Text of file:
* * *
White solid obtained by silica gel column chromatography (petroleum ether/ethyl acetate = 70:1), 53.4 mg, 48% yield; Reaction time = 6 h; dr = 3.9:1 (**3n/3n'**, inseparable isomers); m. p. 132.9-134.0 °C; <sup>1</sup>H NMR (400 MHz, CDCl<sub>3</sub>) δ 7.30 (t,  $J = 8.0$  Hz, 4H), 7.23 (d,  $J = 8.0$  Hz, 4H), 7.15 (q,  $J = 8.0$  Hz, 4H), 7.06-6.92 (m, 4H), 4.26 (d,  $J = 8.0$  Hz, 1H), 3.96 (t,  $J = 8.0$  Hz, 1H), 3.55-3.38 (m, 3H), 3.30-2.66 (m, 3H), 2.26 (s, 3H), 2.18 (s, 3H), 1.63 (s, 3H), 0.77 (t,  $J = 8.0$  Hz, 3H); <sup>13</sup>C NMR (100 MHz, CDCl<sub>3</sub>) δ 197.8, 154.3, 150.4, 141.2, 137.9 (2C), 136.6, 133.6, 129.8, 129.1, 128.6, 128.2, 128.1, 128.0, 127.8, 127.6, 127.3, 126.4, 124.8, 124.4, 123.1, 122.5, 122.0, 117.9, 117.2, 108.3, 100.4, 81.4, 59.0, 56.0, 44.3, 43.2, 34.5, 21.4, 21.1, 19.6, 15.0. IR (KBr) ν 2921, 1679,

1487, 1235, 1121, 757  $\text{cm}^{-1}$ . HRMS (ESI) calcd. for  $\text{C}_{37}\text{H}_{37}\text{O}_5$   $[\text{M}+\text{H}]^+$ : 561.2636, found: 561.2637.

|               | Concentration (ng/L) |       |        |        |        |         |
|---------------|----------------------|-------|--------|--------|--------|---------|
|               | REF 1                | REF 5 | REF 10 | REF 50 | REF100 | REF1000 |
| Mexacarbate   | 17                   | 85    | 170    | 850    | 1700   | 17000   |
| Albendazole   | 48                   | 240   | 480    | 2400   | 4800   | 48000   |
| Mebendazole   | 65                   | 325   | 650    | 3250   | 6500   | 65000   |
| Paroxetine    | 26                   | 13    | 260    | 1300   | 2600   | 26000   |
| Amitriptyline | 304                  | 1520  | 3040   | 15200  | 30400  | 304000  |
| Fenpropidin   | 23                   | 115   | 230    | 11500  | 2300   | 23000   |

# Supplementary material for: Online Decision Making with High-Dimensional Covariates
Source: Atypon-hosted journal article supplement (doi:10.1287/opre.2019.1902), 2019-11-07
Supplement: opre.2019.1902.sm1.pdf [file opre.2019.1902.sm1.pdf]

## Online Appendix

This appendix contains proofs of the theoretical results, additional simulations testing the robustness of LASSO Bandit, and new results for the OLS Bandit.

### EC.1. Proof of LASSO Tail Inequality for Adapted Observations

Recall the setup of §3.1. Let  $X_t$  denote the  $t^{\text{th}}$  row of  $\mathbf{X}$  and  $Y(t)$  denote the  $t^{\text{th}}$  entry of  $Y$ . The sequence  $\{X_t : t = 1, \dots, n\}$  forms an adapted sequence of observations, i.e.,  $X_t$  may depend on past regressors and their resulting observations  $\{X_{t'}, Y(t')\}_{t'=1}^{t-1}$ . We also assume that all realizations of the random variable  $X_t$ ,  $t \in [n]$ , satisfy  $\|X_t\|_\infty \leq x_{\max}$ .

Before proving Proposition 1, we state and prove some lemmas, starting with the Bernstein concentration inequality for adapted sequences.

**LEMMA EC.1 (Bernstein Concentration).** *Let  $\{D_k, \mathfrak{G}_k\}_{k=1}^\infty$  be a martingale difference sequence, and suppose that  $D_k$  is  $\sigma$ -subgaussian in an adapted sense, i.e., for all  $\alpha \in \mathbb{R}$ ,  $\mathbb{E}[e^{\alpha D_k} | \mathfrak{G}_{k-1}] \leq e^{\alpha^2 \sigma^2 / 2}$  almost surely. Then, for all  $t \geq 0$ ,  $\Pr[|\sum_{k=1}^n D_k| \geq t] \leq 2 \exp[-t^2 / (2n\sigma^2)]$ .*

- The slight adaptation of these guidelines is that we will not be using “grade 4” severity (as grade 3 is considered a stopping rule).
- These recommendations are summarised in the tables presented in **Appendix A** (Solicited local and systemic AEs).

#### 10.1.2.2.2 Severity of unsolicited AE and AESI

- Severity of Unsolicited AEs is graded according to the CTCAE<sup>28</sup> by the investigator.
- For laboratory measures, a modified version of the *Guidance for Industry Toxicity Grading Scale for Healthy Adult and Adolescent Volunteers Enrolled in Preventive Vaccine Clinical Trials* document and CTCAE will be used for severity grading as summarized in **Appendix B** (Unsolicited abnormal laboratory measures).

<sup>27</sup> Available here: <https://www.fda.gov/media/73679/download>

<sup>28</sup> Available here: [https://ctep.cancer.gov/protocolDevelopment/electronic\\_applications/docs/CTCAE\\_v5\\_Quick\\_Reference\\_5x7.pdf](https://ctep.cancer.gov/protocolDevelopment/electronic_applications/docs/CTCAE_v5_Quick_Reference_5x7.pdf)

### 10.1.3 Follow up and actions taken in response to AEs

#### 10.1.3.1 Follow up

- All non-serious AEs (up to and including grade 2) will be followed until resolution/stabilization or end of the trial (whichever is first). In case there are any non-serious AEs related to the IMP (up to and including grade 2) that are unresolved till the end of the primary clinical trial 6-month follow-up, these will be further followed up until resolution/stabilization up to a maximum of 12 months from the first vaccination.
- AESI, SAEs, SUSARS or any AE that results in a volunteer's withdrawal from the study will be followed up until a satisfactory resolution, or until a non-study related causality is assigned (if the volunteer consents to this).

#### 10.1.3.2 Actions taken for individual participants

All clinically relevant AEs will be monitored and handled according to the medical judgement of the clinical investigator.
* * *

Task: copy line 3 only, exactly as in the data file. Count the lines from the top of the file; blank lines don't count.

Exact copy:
|               | Concentration (ng/L) |       |        |        |        |         |